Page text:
Echocardiographic measurements. The left ventricular mass was calculated by the linear method.9 Left ventricular hypertrophy was defined as left ventricular mass >95 g/m2 in women and >115 g/m2 in men.9 The left ventricular ejection fraction was estimated visually. Stroke volume was determined at the left ventricular outflow tract by multiplying area by the systolic velocity integral and was indexed to body surface area. Aortic valve area was calculated according to the continuity equation.8 

Measurement of aortic valve calcification. Non-contrast computed tomography was performed using a multidetector system (Somatom Definition or Force; Siemens Healthineers). Aortic valve calcium measurements were performed offline on dedicated workstations using validated software (syngo.via; Siemens Healthineers) by the Agatston method and are expressed in arbitrary units (AU). 

Measurements of biomarkers. Venous blood samples were collected in ethylenediaminetetra-acetate-filled tubes for the determination of high-sensitivity cardiac troponin I (hs-cTnI) and creatine kinase MB (CK-MB) levels before and directly after TAVI, as well as at 4, 24, 48, and 72 hours after TAVI. Details of the methods have been reported elsewhere.10 

Statistical analysis. Data are provided as median and interquartile range (IQR). Categorical variables are presented as numbers and percentages. Continuous values were compared with the Kruskal-Wallis test and categorical variables with the Chi-Squared test. Survival curves were constructed using Kaplan-Meier estimates and were compared with the log-rank test. Analysis of 1-year mortality was performed using Cox regression. All variables were tested for collinearity and were included in the Cox regression model if the variance inflation factor was <5. All statistical analyses were carried out using the SPSS statistical package, version 24 (IBM Corporation). 


A total of 117 patients with LFLG-AS fulfilled the inclusion criteria. No RVP was performed in 31 patients, 1 RVP in 46 patients, and 2+ RVPs in 40 patients (2 RVPs in 32 patients and 3 RVPs in 8 patients) (Table 1). Of all instances of RVP use, it was applied during valve deployment in 10 patients. Age, sex, and distribution of functional New York Heart Association (NYHA) class were not different between the groups. Patients with 0 RVPs had the highest overall body mass index (BMI), and patients with 2+ RVPs had the lowest BMI (P=.03). The presence of cardiovascular risk factors or manifest cardiovascular diseases was similar in the 3 groups. Patients with 1 RVP had the highest prevalence of atrial fibrillation. Society of Thoracic Surgeons (STS) scores were 5.1% (IQR, 3.5%-8.9%), 6.0% (IQR, 3.8%-8.8%), and 4.8% (IQR, 3.8%-8.1%) in patients with 0, 1, or 2+ RVP episodes, respectively (P=.69). Median ejection fraction ranged between 30% and 36%, without differences between groups (Table 2). Mean stroke volume index and MPG were similar in the 3 groups. The prevalence of more-than-mild atrioventricular valve regurgitation was highest in patients with 2+ RVP episodes.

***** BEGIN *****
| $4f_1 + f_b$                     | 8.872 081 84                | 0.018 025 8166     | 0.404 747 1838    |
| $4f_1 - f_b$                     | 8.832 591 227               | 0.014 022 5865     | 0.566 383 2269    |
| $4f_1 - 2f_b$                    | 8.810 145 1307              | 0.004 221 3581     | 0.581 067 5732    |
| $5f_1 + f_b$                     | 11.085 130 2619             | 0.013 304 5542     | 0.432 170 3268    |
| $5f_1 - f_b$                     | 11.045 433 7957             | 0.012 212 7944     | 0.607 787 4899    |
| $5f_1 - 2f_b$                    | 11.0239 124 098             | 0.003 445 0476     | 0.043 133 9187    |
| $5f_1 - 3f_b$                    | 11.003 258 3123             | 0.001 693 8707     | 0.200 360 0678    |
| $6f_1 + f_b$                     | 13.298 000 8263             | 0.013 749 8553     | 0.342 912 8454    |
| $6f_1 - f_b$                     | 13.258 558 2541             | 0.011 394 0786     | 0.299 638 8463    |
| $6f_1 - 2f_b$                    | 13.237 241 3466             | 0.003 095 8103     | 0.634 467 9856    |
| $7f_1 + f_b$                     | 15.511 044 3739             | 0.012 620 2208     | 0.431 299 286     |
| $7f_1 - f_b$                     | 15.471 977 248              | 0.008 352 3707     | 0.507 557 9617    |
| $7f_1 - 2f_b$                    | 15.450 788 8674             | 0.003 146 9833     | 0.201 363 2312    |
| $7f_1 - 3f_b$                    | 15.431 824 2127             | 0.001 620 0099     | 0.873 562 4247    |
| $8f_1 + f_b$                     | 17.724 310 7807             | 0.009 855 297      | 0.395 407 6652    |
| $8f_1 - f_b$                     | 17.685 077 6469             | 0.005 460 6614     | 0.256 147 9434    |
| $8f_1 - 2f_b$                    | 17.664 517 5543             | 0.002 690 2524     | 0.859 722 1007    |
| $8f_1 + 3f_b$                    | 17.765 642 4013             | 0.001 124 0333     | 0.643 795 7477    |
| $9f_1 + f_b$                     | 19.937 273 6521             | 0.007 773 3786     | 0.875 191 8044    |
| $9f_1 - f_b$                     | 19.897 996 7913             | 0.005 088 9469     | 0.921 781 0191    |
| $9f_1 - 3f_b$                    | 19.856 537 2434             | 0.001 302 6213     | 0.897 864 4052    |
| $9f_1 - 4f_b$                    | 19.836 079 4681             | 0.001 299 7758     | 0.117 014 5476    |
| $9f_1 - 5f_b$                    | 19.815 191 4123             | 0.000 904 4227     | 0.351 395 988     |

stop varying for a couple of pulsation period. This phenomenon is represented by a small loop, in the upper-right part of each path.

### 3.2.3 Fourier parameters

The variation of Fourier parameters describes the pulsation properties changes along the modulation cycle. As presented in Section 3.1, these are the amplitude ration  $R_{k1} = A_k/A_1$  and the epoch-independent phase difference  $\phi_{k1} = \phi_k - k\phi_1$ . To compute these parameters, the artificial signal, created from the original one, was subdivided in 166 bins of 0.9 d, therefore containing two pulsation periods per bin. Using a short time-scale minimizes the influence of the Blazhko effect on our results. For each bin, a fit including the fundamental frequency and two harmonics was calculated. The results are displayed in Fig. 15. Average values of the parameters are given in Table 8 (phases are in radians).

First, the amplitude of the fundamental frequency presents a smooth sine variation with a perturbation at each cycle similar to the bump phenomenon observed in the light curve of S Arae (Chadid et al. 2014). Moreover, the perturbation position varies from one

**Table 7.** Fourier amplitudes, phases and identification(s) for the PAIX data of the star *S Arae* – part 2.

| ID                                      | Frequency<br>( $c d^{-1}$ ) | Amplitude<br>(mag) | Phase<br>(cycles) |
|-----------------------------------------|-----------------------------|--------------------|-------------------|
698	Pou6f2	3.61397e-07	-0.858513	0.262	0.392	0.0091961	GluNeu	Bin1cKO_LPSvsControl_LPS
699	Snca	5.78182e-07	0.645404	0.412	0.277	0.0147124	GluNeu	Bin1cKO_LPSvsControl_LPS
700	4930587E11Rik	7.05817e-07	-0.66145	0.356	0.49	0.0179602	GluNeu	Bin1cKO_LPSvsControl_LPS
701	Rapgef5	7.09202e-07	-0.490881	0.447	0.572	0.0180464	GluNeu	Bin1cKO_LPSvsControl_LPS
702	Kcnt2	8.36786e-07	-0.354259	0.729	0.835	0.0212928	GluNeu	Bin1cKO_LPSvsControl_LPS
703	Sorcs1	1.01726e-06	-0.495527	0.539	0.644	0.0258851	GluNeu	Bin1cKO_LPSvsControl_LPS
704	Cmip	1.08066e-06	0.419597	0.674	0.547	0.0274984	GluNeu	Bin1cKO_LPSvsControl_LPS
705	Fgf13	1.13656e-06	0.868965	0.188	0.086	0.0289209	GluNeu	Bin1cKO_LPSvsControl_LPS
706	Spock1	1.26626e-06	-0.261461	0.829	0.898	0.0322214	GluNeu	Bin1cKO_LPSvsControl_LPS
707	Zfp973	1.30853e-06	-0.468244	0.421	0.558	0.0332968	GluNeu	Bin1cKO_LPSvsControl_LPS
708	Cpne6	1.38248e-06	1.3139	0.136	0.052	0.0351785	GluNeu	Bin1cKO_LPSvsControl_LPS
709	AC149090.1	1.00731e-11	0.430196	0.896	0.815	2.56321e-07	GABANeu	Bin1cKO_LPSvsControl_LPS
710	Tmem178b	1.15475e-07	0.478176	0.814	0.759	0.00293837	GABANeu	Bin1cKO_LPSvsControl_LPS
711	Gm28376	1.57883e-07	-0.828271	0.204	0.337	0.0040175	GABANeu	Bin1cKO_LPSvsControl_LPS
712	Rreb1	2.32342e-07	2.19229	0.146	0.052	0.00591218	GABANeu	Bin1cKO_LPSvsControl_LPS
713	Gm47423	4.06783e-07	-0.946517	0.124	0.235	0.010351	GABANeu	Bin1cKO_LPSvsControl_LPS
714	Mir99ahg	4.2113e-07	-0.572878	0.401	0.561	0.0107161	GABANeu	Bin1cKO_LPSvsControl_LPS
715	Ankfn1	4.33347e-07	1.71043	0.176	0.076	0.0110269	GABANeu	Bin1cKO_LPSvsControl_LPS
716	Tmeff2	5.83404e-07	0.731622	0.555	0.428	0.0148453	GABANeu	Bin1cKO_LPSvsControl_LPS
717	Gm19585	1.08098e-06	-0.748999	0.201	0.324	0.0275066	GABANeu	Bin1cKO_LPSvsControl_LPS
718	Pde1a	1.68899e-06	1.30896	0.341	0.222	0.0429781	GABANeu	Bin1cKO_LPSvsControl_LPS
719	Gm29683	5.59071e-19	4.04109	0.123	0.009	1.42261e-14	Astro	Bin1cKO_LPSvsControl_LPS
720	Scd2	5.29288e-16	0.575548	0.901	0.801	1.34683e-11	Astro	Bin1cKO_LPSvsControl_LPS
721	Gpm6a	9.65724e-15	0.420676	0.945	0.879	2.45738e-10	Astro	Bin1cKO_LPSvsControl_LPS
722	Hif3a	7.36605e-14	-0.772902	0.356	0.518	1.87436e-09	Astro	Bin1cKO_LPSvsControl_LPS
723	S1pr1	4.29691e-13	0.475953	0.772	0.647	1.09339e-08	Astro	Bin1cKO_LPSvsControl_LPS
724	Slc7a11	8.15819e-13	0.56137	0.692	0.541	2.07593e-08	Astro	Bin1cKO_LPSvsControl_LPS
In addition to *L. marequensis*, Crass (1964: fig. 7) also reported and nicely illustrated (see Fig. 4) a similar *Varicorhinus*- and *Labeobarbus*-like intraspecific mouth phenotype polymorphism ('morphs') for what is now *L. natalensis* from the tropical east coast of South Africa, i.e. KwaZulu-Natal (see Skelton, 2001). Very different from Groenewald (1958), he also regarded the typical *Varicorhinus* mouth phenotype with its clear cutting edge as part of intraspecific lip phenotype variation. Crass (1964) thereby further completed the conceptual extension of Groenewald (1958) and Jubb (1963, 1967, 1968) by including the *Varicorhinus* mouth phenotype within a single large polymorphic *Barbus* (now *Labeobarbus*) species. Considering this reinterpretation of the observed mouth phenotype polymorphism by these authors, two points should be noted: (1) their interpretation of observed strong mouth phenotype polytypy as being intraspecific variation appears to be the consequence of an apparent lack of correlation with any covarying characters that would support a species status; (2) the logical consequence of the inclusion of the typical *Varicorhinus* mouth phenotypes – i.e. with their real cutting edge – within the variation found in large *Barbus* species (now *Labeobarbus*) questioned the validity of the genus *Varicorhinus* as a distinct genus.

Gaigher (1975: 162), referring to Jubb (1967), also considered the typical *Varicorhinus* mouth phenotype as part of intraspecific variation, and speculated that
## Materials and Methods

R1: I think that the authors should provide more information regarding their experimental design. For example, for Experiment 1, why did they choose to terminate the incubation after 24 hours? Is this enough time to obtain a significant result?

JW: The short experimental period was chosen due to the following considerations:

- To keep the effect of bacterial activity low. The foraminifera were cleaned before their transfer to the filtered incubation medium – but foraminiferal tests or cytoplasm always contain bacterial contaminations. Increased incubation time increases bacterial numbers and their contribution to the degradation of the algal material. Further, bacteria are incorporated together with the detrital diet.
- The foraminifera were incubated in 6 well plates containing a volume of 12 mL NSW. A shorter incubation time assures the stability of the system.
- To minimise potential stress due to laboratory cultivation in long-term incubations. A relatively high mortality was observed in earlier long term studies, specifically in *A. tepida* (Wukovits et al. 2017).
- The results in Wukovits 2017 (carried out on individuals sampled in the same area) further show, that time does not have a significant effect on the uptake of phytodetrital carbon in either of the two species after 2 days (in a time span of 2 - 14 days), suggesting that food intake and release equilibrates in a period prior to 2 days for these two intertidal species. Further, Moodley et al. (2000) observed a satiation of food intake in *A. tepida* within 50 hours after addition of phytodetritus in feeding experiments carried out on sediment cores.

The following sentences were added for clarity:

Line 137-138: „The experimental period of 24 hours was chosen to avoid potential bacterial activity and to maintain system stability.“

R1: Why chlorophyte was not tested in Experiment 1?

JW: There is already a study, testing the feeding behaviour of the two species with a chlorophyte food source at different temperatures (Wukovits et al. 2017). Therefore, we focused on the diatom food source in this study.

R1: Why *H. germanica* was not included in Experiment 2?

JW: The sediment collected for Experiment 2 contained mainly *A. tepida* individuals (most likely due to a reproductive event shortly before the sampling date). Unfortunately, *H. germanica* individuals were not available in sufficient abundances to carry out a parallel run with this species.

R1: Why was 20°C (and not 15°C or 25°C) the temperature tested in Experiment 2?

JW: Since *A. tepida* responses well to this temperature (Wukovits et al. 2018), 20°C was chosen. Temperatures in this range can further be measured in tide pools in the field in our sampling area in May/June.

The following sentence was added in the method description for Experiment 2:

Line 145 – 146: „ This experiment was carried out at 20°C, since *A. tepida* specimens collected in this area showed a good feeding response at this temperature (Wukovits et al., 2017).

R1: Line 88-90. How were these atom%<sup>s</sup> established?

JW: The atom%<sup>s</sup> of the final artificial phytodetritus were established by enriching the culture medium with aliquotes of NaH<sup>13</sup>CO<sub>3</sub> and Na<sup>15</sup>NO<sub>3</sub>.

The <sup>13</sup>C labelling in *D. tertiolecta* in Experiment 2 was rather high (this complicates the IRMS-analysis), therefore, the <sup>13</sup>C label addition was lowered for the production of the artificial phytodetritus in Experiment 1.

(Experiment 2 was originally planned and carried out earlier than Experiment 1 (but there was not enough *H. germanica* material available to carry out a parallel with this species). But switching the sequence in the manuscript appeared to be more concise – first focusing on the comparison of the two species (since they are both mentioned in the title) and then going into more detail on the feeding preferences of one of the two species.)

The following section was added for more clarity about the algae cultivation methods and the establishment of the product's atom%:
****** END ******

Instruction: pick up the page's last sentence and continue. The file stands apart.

More than 88% of all patients were implanted with prostheses with a supra-annular valve design (Table 3). Procedural times increased from patients with 0 RVP to those with 1 or 2+ episodes of RVP (P=.04), and the amount of contrast agent was higher in patients with 1 or 2+ RVP episodes (P=.02). Intraprocedural adverse events, including implantation of a second valve, device embolizations, or conversion to surgery, occurred most often in patients with 1 RVP. New pacemaker implantation was slightly more frequent in patients with 0 or 1 RVP episode. Newly diagnosed atrial fibrillation was present in 2 patients in the 0 RVP group and no patients in the other groups. There was no difference between groups with respect to the frequency of cardiac decompensation after TAVI. The calculated aortic valve area and the MPG at discharge were identical between groups. Residual aortic regurgitation ≥II° was observed in 3.2%, 4.8%, and 2.6% in the groups with 0 RVP, 1 RVP, and 2+ RVP, respectively (P=.87). All-cause and cardiovascular mortality at 30 days tended to be lower in patients with 0 RVP and higher in those with 2+ RVPs, although these differences were not statistically significant (Table 4). The sum of cumulative events (as defined by Valve Academic Research Consortium [VARC]-2 criteria) was not different between groups. NYHA functional status improved in the majority of patients in all groups. All-cause mortality at 1-year follow-up was somewhat higher in patients with 1 RVP episode and lower in those patients with 2+ RVP episodes (Figure 1); however, possibly due to the small patient numbers, these changes were not significant.

The impact of different variables on outcome in the 3 RVP groups was assessed by Cox regression analysis. Variables with significant or borderline significant differences between groups (BMI, glomerular filtration rate, arterial hypertension, chronic obstructive pulmonary disease, atrial fibrillation, mitral regurgitation > grade II and tricuspid regurgitation > grade II, aortic valve calcium, procedural time, amount of contrast agent) or with known prognostic impact (STS score, residual aortic regurgitation) were included together with RVP groups (Table 5). One-year all-cause mortality was predicted by a high STS score, a low BMI, and the prevalence of chronic obstructive pulmonary disease or more-than-mild residual aortic regurgitation.